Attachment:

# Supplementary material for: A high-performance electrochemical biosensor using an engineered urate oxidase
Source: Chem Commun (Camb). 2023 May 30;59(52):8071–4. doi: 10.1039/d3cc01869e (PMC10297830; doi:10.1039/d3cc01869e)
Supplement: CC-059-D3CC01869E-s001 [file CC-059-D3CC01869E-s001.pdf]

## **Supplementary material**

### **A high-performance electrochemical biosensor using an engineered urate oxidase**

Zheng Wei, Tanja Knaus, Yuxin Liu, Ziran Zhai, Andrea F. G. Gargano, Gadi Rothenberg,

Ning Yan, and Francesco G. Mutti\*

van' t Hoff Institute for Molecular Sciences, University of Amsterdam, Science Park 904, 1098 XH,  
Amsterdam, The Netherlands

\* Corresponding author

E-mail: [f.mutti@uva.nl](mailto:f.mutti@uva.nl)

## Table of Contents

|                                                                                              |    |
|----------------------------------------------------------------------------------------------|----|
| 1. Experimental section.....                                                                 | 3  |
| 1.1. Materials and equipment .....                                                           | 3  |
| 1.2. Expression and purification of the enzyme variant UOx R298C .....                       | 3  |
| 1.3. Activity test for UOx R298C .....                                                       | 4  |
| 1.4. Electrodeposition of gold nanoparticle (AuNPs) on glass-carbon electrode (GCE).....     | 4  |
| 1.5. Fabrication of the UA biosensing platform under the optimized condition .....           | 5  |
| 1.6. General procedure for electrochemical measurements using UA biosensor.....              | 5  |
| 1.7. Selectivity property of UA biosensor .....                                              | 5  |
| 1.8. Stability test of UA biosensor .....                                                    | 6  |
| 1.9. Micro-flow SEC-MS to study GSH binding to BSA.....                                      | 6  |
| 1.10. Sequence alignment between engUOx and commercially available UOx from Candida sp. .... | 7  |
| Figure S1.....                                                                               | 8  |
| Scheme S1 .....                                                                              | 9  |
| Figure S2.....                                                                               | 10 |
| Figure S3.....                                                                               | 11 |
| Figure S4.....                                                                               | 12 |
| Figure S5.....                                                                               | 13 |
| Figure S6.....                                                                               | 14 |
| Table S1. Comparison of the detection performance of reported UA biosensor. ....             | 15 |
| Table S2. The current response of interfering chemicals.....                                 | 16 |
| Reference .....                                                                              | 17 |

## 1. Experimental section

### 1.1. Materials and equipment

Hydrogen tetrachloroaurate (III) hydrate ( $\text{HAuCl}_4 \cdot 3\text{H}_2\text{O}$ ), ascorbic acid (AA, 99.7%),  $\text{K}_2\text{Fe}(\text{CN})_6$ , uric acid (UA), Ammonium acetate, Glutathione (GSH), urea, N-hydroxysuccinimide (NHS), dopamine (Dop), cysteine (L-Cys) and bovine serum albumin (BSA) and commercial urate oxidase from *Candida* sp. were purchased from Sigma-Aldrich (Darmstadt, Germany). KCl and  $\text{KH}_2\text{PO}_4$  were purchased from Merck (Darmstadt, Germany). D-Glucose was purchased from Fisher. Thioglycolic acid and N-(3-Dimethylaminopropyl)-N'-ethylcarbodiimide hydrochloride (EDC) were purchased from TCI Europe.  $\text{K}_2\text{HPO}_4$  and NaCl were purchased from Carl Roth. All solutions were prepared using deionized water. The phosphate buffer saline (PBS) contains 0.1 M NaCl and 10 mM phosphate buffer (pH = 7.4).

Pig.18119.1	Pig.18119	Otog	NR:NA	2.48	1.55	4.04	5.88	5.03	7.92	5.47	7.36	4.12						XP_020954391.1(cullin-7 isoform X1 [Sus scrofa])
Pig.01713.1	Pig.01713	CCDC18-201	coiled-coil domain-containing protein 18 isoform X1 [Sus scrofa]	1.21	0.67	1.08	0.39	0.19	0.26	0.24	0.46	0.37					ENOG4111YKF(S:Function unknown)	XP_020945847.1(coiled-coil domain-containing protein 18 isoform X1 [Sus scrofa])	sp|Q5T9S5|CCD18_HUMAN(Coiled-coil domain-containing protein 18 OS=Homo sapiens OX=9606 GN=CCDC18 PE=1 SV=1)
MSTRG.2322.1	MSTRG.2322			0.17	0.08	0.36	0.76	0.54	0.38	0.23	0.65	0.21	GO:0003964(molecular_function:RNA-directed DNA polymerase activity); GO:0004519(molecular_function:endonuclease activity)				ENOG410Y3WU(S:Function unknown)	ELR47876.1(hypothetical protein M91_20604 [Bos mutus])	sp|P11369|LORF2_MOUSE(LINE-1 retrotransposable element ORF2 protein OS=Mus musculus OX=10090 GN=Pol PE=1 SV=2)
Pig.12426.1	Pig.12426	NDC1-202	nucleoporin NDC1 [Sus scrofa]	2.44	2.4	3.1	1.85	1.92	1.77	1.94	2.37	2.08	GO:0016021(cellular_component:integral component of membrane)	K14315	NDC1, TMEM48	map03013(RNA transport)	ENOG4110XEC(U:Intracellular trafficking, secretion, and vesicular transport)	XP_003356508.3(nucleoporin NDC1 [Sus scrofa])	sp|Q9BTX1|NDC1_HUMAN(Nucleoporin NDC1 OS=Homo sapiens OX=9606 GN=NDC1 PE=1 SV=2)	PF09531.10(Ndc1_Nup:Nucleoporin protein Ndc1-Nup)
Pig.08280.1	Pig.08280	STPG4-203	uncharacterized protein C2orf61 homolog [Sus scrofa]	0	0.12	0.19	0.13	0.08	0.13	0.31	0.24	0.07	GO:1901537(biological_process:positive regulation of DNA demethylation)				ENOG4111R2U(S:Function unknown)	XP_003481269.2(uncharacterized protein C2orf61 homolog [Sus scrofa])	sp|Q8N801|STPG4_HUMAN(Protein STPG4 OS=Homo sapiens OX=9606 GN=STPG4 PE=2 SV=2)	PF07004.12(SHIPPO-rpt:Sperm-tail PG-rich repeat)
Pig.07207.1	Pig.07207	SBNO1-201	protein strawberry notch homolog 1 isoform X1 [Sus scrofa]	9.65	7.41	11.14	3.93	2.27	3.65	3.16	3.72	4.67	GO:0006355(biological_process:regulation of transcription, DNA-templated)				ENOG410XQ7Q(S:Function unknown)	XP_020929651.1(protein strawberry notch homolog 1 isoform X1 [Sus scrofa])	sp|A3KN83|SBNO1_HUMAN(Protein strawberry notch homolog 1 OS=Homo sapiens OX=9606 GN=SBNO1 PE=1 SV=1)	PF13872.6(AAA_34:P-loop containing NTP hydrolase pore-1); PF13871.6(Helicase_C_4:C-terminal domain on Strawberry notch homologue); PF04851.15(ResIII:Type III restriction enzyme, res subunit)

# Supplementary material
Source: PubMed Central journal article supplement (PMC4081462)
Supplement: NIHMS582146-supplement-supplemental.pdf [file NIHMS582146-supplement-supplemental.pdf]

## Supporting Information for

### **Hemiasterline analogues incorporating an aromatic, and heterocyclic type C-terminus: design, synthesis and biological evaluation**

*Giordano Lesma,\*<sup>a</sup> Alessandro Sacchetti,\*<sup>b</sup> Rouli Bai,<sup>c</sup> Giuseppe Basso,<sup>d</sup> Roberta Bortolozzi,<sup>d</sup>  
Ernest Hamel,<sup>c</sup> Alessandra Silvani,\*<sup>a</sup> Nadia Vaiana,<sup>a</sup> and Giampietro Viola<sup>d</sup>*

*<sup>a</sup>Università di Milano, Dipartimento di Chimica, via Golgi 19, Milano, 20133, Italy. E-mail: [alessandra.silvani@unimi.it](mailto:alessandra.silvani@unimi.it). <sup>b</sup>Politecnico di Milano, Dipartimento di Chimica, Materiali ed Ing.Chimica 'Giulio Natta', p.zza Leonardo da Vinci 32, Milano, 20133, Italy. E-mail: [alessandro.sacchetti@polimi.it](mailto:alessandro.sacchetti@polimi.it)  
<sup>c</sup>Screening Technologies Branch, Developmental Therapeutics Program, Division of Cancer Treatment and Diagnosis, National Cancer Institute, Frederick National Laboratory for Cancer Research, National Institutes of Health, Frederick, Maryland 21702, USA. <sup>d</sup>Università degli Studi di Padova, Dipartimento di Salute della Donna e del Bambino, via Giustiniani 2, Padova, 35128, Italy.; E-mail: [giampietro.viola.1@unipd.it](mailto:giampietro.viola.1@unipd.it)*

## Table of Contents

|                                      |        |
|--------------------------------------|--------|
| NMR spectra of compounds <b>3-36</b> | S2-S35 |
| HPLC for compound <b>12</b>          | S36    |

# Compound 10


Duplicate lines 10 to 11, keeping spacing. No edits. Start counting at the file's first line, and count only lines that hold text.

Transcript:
\* Corresponding author

E-mail: [f.mutti@uva.nl](mailto:f.mutti@uva.nl)